The romantic friendship of Jane Carlyle and Geraldine Jewsbury

Geraldine Jewsbury

We're marking 50 years since the partial decriminalisation of homosexuality by exploring the LGBTQ heritage at many of our places. At Carlyle House in Chelsea, a romantic friendship flourished between two women: Jane Carlyle and Geraldine Jewsbury.

Jane Carlyle moved to Cheyne Row in Chelsea, west London, in 1834 with her husband Thomas, the essayist, historian and biographer. Carlyle’s House became well known as a literary salon and was visited by many writers and thinkers. Amongst them was the novelist Geraldine Jewsbury. She and Jane struck up what has since been described (not least by Virginia Woolf) as a passionate romantic friendship which lasted until Jane’s death in 1866.

Love letters 

Letters between Jane and Geraldine reveal the depth of their affection – and also the points of tension. Jewsbury was more radical – often wearing men’s clothes, smoking and espousing the controversial view that men and women should be equal in marriage. Jane meanwhile took a relatively conventional role in her marriage, which was affectionate but also fraught with argument and jealousy on both sides.

There is no evidence, however, that the relationship between Jane and Geraldine was ever consummated. Their romantic friendship was perhaps more acceptable because of that, especially since Jane did not destroy or hide her letters from Geraldine, whereas same-sex lovers or their families often did.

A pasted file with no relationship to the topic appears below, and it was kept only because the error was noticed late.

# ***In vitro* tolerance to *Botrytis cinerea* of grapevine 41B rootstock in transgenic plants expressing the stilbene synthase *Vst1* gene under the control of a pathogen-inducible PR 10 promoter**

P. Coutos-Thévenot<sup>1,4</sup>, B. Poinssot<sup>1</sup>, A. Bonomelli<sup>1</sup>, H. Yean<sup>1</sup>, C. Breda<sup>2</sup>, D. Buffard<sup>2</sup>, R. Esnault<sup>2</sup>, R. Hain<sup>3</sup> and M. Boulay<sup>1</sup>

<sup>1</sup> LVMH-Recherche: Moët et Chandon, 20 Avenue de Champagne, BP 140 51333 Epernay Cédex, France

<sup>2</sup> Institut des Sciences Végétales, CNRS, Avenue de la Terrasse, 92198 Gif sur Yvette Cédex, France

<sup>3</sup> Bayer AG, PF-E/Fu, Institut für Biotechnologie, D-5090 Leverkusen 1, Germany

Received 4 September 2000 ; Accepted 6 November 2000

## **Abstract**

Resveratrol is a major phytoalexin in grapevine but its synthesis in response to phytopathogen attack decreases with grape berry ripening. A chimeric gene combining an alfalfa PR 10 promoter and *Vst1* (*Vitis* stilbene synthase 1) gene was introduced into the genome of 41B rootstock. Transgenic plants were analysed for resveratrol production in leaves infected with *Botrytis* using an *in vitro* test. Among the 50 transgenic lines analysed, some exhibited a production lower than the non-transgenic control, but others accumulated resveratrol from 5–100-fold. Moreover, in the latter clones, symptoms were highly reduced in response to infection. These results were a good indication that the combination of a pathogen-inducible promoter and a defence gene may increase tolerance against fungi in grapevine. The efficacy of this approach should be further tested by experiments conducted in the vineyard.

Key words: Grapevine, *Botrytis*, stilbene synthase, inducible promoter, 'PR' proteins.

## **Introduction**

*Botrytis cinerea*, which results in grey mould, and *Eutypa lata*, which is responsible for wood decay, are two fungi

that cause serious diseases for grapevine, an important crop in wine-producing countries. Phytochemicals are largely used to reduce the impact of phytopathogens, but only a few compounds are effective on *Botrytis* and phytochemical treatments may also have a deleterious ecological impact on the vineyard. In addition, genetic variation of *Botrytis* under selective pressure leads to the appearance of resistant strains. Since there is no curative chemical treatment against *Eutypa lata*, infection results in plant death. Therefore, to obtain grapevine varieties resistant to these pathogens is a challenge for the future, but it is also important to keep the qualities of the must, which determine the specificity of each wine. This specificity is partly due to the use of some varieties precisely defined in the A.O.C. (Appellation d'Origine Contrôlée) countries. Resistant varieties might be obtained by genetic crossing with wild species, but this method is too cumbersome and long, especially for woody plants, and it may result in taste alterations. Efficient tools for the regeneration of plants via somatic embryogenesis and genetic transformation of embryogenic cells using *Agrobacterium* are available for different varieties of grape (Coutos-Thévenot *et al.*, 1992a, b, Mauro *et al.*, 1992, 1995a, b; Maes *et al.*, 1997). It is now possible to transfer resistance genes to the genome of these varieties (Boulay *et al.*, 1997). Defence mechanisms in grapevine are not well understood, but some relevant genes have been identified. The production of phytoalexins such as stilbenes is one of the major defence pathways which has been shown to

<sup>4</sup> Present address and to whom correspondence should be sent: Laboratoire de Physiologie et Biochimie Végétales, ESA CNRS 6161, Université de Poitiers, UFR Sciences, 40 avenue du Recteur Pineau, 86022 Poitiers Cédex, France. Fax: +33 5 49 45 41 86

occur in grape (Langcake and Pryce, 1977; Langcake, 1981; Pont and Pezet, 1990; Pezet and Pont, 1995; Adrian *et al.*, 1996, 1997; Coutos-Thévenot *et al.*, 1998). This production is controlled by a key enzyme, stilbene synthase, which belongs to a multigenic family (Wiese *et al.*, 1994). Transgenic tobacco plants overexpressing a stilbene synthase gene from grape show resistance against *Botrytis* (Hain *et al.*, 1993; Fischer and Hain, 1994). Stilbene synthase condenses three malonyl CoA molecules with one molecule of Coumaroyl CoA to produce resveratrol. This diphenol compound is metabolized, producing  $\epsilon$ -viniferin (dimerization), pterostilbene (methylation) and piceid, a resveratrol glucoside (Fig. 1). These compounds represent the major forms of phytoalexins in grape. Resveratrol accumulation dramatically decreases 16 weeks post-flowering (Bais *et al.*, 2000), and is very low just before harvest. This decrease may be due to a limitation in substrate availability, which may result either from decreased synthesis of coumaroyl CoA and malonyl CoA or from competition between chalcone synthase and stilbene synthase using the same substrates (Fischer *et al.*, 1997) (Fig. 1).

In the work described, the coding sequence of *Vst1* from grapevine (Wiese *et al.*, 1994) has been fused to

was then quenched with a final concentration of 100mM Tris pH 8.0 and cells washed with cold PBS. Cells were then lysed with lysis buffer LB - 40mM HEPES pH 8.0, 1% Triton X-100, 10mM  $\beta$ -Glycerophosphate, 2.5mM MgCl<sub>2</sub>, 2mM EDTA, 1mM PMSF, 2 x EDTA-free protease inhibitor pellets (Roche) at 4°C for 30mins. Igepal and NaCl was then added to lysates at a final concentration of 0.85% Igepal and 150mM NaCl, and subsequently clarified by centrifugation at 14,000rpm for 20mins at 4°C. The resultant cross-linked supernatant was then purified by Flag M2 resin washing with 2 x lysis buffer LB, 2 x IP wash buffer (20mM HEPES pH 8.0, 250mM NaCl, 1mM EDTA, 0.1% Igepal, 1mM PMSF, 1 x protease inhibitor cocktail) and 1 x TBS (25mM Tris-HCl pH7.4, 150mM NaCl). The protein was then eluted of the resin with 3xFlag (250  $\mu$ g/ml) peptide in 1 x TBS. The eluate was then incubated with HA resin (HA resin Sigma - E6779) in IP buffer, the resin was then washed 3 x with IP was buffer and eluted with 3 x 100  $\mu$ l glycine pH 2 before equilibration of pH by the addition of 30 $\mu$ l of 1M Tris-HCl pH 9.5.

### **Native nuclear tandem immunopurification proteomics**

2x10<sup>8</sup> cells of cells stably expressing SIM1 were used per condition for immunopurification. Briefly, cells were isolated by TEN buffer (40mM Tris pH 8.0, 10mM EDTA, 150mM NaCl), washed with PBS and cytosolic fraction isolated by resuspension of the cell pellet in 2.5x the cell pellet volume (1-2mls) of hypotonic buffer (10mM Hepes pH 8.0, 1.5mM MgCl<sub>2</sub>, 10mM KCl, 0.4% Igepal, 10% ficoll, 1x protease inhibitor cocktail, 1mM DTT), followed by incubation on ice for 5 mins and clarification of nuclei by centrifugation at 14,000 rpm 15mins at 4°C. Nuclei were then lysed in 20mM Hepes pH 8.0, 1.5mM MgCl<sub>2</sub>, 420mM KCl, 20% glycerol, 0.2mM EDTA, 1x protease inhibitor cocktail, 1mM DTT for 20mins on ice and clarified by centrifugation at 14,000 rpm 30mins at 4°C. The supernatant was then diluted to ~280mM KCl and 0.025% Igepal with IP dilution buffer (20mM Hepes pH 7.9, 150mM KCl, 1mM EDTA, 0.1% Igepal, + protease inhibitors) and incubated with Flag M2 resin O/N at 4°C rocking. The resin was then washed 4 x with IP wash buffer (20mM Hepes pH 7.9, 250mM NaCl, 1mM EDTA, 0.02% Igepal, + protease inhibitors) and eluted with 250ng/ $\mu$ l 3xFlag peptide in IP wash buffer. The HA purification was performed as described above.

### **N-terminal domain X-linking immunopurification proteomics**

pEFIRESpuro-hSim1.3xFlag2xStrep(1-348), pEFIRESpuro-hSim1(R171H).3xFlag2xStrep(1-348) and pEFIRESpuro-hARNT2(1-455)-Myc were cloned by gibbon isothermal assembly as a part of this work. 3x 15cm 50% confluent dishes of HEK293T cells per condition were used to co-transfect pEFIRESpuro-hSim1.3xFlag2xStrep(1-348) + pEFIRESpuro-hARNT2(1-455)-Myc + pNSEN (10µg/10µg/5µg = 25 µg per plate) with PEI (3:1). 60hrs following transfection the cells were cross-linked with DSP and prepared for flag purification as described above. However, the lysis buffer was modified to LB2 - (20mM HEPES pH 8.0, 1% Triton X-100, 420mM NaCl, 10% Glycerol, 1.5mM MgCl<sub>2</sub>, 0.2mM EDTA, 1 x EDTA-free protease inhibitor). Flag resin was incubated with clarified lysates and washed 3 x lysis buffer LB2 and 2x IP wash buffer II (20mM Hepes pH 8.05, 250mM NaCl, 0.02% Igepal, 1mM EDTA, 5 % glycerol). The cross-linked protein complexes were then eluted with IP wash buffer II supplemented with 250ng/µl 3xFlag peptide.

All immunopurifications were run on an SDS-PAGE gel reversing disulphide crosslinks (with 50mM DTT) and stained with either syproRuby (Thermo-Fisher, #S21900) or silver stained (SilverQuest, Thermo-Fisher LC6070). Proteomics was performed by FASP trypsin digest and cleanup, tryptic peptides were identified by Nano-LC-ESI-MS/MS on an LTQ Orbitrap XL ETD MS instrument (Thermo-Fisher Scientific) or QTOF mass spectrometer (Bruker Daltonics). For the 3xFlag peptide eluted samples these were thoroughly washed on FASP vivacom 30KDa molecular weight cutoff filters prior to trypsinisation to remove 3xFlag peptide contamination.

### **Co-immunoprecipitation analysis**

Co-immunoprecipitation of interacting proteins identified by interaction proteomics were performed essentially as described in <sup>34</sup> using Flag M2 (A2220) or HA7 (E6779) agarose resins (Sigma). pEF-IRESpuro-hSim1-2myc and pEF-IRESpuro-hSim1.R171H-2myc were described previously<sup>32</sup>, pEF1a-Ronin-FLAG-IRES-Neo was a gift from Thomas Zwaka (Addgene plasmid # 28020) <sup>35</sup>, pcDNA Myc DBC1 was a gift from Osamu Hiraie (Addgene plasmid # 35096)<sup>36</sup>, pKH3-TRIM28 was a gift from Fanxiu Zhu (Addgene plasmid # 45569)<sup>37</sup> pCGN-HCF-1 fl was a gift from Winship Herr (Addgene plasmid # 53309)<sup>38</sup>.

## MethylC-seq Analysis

Photograph of Miss Geraldine Jewsbury
Photograph of Miss Geraldine Jewsbury
Photograph of Miss Geraldine Jewsbury

Bohemian London

The bohemian reputation of Chelsea was just starting at the time the Carlyles lived there. Bohemians were generally artistic and creative, and took an unconventional approach to life, including their relationships.

Robert Tait's painting of Jane and Thomas Carlyle in their parlour
Robert Tait's painting of the Carlyle's in their Parlour
Robert Tait's painting of Jane and Thomas Carlyle in their parlour

Prejudice and Pride

This is just one of the stories we’re exploring as part of a programme called Prejudice and Pride. Throughout the year you can discover more with events, exhibitions and installations which tell the stories of the men and women who challenged conventional notions of gender and sexuality and who shaped the properties in which they lived. We’ll also be taking part in community celebrations including Pride festivals around the country and Heritage Open Days to build an understanding of LGBTQ histories in local communities. 

This article is adapted from our new guidebook, ‘Prejudice and Price: Celebrating LGBTQ Heritage’ by Alison Oram & Matt Cook. It is available now at National Trust shops and our online store.